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p53 mutations and chemo(radio)resistance of head and neck squamous cell carcinomas (HNSCCs)


Several studies described the central role of the tumor suppressor protein p53 in therapy response of HNSCC and other cancers. For more than 20 years it is known that the nuclear localization of p53 is required for its proper function emphasizing its main role as a transcription factor. Cancers in the head and neck area are mainly (>90%) squamous cell carcinomas (HNSCCs), which in more than 70% carry mutations in the TP53 gene. In the remaining 20-30% of HNSCC cases carrying wild type p53, the tumor suppressor is also inactivated, which is considered to be mainly due to a concomitant infection with high-risk human papilloma viruses (HPVs) particularly the type 16. Initial studies with HNSCC cell lines revealed a substantial number of TP53 mutations affecting the C-terminus of p53 resulting in loss of the C-terminal nuclear localization signal (NLS) (Figure 1).

Photo: R. Mandic

Figure 1. Depicted are confocal images from two HNSCC cell lines, both carrying TP53 mutations. The cell line shown in the upper panel carries a typical hot spot mutation in the DNA binding domain of p53 not affecting the C-terminal NLS of the protein, demonstrating a dominant nuclear accumulation of p53_mut. In sharp contrast, the other cell line (lower panel) carries a premature stop codon, resulting in a C-terminally truncated p53 protein with loss of the C-terminal NLS and cytoplasmic sequestration.


Comparing HNSCC cell lines with nuclear or cytoplasmic p53_mut regarding their sensitivity to cisplatin (CDDP), the major chemotherapeutic agent used in the treatment of HNSCC, revealed a significantly lower CDDP sensitivity of HNSCC cell lines with cytoplasmic p53_mut (Figure 2).


Photo: R. Mandic

Figure 2. The viability of HNSCC cells with cytoplasmic p53_mut is significantly less affected after CDDP treatment. In particular, at therapeutic concentrations (1-10 µM) of CDDP, the viability of HNSCC cells with nuclear p53_mut dropped dramatically, whereas no reduction in viability is seen for cells with cytoplasmic p53_mut.


The gene expression profile of HNSCC cells with cytoplasmic and nuclear p53_mut was determined, to identify potential candidate genes involved in CDDP sensitivity. Some of the most differentially regulated candidate genes belong to the ATP-binding cassette (ABC) transporter family, known to be involved in transport of drugs and xenobiotica such as chemotherapeutic agents like CDDP out of the cell (Figure 3).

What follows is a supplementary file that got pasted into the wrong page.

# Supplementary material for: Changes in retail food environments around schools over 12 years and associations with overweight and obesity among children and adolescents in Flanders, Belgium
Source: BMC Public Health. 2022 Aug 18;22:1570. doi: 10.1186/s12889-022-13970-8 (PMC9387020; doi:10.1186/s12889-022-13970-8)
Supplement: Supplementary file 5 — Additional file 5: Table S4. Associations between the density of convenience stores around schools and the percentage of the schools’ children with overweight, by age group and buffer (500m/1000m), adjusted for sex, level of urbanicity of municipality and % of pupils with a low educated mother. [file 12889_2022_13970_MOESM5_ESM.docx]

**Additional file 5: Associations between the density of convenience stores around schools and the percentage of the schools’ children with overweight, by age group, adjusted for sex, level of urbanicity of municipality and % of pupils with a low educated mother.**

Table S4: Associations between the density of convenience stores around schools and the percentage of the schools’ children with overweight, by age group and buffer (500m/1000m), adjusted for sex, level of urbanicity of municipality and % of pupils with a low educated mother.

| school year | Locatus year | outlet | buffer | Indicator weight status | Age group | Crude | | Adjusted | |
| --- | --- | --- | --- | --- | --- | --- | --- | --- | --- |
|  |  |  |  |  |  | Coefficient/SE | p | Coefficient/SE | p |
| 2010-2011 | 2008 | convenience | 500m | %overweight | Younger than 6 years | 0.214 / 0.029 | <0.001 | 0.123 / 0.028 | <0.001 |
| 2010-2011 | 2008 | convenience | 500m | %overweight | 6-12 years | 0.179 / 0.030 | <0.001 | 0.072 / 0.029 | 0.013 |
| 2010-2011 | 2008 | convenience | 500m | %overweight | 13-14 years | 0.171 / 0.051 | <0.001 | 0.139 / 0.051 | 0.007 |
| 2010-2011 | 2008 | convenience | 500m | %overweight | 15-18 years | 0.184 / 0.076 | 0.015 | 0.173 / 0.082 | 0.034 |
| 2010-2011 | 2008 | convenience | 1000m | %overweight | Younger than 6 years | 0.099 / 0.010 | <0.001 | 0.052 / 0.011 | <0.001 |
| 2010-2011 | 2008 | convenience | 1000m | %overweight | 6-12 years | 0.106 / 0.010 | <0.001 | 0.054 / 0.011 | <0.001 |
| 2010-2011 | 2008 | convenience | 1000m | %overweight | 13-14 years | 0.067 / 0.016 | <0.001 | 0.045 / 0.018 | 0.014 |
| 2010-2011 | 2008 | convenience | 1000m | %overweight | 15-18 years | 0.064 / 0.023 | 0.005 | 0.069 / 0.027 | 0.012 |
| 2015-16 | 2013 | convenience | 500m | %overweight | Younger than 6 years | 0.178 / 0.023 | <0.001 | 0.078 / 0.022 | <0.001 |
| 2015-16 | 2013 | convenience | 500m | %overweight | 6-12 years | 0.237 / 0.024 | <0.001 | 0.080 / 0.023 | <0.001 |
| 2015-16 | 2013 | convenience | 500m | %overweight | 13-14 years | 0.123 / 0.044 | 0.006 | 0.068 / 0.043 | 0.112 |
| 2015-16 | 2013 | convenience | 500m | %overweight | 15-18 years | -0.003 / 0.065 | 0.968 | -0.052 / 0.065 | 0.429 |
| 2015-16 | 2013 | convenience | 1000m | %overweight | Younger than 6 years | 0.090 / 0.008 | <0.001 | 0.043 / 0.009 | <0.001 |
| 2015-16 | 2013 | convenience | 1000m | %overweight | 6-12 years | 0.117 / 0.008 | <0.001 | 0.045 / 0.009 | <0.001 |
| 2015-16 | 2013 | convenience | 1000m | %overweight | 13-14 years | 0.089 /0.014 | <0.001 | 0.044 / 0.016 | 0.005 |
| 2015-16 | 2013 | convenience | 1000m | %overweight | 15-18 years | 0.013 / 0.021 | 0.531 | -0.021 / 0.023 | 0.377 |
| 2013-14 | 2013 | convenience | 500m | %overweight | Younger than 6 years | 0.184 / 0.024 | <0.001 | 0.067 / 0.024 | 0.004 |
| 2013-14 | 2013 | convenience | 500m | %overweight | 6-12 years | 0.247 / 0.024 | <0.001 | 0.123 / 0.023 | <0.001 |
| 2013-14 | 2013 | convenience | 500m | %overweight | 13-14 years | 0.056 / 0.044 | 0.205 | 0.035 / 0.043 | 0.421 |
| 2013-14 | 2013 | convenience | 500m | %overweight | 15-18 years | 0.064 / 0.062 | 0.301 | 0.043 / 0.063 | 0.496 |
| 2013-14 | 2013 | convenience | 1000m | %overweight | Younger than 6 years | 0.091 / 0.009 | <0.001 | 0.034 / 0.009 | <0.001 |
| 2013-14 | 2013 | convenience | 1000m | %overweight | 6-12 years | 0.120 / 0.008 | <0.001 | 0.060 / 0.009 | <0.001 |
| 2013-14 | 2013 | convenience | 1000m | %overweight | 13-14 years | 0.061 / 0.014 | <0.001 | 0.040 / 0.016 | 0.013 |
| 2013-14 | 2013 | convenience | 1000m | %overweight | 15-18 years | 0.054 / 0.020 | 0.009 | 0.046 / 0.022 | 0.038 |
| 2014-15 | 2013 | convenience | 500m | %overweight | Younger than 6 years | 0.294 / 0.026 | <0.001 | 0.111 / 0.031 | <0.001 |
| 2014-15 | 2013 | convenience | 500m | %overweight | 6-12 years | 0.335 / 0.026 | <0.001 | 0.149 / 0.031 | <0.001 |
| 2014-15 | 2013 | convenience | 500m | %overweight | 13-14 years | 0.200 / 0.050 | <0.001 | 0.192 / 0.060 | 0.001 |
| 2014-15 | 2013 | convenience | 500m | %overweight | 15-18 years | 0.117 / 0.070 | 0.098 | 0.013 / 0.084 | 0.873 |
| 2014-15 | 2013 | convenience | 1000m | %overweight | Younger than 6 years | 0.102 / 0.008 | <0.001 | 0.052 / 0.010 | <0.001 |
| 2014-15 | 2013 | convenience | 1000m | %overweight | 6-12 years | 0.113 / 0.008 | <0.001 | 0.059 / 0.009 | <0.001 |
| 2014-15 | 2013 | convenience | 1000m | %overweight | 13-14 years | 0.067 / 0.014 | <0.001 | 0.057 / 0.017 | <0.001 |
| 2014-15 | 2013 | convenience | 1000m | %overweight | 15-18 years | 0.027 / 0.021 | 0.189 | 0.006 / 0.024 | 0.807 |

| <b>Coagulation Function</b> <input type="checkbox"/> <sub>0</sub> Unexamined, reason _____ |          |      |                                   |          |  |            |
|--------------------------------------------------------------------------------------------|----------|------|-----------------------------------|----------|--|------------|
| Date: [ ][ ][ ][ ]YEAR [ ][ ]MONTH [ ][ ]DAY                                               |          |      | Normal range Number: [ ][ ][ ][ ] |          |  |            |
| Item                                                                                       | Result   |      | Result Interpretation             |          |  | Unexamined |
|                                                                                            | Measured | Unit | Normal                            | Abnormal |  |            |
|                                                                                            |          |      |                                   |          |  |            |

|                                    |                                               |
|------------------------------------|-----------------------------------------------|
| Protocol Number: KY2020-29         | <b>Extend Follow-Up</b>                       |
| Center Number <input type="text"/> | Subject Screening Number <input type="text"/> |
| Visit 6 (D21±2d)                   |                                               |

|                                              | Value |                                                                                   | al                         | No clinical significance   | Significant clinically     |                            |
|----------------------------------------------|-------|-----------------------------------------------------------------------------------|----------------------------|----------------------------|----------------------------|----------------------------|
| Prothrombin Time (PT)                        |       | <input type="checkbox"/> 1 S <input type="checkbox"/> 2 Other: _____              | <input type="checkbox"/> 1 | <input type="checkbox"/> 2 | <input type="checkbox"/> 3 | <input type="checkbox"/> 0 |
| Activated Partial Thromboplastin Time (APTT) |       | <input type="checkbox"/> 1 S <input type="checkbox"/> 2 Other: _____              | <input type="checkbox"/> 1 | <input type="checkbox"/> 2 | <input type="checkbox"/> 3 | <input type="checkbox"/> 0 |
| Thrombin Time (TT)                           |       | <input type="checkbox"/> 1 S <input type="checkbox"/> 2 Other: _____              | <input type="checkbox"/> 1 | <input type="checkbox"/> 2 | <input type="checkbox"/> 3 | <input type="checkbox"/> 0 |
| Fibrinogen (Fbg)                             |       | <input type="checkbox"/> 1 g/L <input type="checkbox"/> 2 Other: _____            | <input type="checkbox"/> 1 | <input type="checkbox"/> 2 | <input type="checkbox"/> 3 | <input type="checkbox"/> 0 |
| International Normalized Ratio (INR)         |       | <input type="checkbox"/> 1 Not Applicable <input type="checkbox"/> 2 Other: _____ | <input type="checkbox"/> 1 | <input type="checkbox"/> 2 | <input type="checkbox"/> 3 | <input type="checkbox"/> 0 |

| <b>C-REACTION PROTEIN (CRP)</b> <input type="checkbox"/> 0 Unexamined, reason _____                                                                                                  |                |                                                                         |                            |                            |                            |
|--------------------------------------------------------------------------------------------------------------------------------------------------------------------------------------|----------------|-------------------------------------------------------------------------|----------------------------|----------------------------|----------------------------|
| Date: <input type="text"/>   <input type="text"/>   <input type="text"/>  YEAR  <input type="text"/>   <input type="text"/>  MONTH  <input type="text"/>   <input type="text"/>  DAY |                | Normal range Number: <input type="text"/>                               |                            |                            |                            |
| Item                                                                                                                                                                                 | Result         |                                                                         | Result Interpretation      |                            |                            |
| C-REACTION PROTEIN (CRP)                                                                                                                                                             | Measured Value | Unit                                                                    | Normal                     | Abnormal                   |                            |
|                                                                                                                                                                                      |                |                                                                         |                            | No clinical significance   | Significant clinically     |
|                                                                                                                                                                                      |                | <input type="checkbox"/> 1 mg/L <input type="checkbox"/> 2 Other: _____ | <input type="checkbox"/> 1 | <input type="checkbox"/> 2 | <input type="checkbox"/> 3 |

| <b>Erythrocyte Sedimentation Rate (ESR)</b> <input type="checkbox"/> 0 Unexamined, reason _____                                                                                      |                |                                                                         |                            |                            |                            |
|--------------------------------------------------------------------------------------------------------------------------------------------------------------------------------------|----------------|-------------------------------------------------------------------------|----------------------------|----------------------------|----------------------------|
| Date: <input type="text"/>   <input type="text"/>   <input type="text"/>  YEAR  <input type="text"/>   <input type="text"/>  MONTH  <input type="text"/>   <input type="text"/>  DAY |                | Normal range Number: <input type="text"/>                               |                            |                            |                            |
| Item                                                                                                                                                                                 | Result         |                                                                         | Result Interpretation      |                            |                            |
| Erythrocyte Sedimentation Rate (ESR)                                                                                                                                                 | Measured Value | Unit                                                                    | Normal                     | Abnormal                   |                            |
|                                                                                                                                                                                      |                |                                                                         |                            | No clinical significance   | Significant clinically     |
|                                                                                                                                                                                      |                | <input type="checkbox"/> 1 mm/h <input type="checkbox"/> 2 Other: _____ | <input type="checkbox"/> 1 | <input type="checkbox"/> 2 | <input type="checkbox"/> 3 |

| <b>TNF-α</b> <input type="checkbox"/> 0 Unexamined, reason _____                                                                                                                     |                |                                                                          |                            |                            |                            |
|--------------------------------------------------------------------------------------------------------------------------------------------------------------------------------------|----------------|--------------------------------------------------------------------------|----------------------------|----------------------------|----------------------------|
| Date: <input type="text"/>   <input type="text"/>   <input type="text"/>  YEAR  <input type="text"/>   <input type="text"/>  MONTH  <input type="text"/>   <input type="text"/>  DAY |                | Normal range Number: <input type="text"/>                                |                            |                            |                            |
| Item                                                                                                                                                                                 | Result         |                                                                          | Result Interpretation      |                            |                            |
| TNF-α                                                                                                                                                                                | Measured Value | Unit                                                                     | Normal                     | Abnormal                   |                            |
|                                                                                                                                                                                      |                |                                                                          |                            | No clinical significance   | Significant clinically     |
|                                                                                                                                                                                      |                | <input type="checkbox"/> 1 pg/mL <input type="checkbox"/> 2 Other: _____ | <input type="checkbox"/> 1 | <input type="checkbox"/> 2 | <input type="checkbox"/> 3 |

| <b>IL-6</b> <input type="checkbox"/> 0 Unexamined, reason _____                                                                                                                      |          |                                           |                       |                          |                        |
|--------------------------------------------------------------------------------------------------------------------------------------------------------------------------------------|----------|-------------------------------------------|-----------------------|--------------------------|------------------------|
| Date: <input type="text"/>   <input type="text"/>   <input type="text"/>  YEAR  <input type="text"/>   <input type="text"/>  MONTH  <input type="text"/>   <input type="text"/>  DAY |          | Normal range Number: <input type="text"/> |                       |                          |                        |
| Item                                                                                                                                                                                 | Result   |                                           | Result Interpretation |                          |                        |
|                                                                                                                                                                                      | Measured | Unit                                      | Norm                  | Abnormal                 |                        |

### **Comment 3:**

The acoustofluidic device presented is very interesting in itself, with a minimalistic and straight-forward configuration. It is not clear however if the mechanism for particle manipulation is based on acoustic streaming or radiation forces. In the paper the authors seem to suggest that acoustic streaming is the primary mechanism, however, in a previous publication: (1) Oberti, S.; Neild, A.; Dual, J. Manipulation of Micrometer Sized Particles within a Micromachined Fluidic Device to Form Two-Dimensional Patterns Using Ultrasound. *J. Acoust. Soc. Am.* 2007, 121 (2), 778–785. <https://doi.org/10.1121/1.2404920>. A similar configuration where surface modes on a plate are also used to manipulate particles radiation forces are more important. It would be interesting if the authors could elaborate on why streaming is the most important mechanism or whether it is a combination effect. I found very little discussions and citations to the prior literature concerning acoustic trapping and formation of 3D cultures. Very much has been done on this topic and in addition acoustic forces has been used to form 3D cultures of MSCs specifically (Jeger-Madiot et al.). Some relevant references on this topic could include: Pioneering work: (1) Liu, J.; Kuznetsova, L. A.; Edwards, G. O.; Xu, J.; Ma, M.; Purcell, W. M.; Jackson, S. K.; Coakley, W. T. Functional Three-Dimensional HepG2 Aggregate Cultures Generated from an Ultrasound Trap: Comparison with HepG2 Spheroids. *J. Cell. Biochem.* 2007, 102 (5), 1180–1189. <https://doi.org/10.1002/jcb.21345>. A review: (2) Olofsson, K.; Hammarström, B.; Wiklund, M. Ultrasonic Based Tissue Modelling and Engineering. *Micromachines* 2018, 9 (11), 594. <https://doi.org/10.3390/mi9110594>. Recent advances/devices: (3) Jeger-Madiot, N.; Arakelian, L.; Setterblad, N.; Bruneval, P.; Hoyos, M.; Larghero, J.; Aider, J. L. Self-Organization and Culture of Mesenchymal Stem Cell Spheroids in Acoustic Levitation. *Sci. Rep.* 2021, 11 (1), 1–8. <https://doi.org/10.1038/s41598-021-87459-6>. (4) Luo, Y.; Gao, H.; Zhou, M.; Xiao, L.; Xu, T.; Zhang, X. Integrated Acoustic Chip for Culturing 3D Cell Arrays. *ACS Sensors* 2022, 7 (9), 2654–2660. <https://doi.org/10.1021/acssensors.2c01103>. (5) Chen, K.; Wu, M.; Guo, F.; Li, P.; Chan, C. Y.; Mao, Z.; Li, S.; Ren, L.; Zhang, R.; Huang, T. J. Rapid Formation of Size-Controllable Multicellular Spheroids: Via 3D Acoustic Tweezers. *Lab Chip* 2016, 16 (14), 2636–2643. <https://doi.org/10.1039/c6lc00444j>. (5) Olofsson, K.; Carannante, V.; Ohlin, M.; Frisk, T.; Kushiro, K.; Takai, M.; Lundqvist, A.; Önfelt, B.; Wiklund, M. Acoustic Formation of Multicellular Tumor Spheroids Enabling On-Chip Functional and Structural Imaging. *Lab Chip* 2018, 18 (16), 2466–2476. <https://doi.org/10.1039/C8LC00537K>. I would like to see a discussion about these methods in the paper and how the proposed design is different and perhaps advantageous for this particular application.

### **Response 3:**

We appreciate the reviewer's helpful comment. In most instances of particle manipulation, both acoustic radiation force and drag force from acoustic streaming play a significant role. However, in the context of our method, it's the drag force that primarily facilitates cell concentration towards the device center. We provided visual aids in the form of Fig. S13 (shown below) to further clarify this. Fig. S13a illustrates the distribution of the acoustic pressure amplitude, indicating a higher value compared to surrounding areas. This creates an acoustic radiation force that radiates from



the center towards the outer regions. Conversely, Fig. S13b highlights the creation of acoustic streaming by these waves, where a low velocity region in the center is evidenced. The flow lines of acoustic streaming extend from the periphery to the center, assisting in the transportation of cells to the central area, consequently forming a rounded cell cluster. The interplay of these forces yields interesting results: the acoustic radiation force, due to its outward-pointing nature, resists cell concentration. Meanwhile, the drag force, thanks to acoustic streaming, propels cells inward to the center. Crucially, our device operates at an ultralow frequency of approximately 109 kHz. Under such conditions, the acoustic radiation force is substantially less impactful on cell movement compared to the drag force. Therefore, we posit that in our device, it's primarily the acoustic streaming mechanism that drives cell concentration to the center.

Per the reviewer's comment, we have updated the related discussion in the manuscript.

Photo: R. Mandic

Figure 3. The ABC Transporters ABCC2 and ABCG2 are upregulated in HNSCC cells with cytoplasmic p53_mut.


A subsequent inhibition of ABCC2 and ABCG2 transporters could render HNSCC cells, including resistant tumor cells with cytoplasmic p53_mut, more sensitive to CDDP treatment (Figure 4).

Photo: R. Mandic

Figure 4. Treatment of HNSCC cells with MK571, which inhibits ABCC2 and ABCG2, sensitizes tumor cells to cisplatin.


Furthermore, resistant HNSCC cells with cytoplasmic p53_mut exhibit significantly higher levels of reduced glutathione (GSH), which is required to fend off cytotoxic effects such as those caused by CDDP treatment but also for proper ABC transporter mediated efflux of toxic compounds such as CDDP. All these factors are promoting CDDP resistance (Figure 5).

Photo: R. Mandic

Figure 5. Model depicting the possible interrelationship between the nucleocytoplasmic distribution of p53_mut, ABC transporter expression, cellular GSH levels and CDDP sensitivity.


The goal of current investigations is to evaluate if influencing the GSH/GSSG system with clinically approved GSH inhibitors such as the GSH-S-transferase inhibitor sulfasalazine, could improve chemo(radio) sensitivity of resistant HNSCC tumors.